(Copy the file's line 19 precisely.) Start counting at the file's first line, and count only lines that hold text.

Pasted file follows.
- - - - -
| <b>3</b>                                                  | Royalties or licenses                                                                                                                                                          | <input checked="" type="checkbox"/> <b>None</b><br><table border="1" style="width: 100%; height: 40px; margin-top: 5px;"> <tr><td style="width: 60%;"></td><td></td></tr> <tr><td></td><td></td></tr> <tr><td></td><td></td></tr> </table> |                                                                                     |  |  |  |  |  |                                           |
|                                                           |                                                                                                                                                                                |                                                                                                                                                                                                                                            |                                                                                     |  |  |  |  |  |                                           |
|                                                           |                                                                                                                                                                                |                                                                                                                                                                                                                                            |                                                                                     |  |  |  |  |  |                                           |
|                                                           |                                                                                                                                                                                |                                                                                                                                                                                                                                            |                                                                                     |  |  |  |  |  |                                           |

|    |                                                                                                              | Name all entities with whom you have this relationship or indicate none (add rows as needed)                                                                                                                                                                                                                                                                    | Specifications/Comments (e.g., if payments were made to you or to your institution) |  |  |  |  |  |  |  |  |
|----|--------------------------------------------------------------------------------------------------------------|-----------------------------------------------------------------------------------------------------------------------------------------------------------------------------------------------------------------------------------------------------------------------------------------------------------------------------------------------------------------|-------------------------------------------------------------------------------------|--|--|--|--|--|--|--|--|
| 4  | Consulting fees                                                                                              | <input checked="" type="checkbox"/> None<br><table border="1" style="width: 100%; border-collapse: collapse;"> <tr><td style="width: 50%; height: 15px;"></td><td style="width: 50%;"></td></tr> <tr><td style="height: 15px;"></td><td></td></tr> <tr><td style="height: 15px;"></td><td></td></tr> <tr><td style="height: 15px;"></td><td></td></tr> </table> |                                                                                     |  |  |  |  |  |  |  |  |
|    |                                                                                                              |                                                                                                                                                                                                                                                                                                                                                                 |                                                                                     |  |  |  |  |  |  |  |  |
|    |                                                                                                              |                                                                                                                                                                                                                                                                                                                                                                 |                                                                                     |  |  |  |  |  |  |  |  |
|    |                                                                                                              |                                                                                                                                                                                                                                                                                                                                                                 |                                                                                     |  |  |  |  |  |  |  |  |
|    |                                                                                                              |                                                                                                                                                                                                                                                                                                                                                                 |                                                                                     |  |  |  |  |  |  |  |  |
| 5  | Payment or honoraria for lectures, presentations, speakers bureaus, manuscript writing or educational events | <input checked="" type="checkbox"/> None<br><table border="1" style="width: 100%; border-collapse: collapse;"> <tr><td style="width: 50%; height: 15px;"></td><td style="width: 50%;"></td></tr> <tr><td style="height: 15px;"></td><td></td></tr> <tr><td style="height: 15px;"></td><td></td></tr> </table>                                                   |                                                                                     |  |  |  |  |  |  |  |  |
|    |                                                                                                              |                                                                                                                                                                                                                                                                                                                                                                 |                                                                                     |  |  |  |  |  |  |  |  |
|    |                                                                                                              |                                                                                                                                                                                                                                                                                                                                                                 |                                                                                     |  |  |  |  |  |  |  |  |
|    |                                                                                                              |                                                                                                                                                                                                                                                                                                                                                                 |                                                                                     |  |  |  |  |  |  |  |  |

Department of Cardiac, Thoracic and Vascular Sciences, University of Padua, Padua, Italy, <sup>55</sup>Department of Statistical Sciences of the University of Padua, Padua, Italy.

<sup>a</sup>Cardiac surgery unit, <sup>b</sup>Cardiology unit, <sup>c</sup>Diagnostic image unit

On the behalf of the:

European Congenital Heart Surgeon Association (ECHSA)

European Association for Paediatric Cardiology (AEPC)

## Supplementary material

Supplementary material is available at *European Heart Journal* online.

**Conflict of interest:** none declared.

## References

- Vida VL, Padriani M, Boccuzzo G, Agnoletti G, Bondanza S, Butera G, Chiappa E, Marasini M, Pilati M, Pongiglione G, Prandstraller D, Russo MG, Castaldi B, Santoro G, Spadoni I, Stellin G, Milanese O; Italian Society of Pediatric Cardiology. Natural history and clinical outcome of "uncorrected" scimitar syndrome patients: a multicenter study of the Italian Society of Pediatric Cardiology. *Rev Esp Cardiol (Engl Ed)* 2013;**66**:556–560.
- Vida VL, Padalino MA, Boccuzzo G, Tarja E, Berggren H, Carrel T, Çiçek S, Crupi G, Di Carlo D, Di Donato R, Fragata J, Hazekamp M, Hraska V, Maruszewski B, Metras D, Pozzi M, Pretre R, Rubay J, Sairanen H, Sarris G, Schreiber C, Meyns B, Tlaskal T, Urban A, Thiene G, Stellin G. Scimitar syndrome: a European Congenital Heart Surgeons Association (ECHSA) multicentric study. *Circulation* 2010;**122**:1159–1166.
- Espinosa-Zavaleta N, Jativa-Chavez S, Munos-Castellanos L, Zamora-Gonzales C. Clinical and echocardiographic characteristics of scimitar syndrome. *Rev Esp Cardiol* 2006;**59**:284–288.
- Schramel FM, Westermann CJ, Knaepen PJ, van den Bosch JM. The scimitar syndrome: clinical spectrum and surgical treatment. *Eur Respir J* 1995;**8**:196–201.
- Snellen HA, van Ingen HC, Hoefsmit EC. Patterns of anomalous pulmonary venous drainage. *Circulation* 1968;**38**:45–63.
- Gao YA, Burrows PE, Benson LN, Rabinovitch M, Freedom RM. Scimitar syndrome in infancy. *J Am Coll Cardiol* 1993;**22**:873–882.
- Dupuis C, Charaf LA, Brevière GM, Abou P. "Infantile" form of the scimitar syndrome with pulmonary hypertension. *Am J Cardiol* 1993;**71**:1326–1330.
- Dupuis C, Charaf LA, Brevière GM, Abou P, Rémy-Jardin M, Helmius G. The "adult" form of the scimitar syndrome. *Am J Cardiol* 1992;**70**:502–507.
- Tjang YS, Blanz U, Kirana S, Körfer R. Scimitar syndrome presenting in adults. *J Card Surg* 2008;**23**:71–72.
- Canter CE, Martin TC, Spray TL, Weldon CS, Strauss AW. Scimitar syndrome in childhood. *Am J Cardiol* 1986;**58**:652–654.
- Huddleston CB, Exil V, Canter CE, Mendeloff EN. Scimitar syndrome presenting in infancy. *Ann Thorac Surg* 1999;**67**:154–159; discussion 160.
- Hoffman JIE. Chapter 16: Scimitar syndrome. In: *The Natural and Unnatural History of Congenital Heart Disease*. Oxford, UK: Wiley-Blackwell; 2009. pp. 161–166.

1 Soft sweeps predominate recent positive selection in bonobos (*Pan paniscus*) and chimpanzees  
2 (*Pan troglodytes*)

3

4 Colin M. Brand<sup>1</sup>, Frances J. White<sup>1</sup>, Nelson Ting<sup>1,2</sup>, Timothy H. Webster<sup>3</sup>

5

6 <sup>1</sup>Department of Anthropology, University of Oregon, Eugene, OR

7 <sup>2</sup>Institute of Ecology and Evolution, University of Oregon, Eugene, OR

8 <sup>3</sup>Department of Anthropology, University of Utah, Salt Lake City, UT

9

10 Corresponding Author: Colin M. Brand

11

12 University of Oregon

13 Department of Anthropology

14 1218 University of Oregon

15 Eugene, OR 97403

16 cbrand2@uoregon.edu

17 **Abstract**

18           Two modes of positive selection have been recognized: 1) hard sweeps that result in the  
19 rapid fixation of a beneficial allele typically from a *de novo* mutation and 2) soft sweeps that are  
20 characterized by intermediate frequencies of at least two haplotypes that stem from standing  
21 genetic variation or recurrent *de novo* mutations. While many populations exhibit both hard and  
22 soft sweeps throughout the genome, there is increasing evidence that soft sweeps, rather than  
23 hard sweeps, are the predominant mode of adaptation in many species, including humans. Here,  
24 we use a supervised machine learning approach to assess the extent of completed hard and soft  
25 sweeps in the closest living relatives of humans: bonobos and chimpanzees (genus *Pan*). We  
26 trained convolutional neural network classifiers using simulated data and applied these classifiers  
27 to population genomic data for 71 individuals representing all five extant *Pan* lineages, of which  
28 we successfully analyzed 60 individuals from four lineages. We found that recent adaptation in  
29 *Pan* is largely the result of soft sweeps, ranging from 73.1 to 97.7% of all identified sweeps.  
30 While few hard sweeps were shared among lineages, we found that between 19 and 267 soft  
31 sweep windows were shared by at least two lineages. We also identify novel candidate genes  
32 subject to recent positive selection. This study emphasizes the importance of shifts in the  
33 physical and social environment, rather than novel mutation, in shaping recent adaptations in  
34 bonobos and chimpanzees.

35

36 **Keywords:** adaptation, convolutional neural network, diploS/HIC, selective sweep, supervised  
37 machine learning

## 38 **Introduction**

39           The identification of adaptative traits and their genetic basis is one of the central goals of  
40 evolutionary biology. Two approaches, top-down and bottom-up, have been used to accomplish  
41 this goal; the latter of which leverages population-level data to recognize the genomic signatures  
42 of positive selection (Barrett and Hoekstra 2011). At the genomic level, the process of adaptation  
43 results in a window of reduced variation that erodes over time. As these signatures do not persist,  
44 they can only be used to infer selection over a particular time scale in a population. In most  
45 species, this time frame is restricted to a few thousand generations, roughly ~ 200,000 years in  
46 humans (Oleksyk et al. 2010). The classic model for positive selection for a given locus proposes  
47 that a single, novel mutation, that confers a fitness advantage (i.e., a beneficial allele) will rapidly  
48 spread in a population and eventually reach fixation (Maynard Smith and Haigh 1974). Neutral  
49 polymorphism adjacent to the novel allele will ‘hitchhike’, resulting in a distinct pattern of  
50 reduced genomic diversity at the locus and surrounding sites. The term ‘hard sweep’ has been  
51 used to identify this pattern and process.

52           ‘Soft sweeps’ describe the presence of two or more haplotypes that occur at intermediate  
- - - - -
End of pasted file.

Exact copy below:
European Congenital Heart Surgeon Association (ECHSA)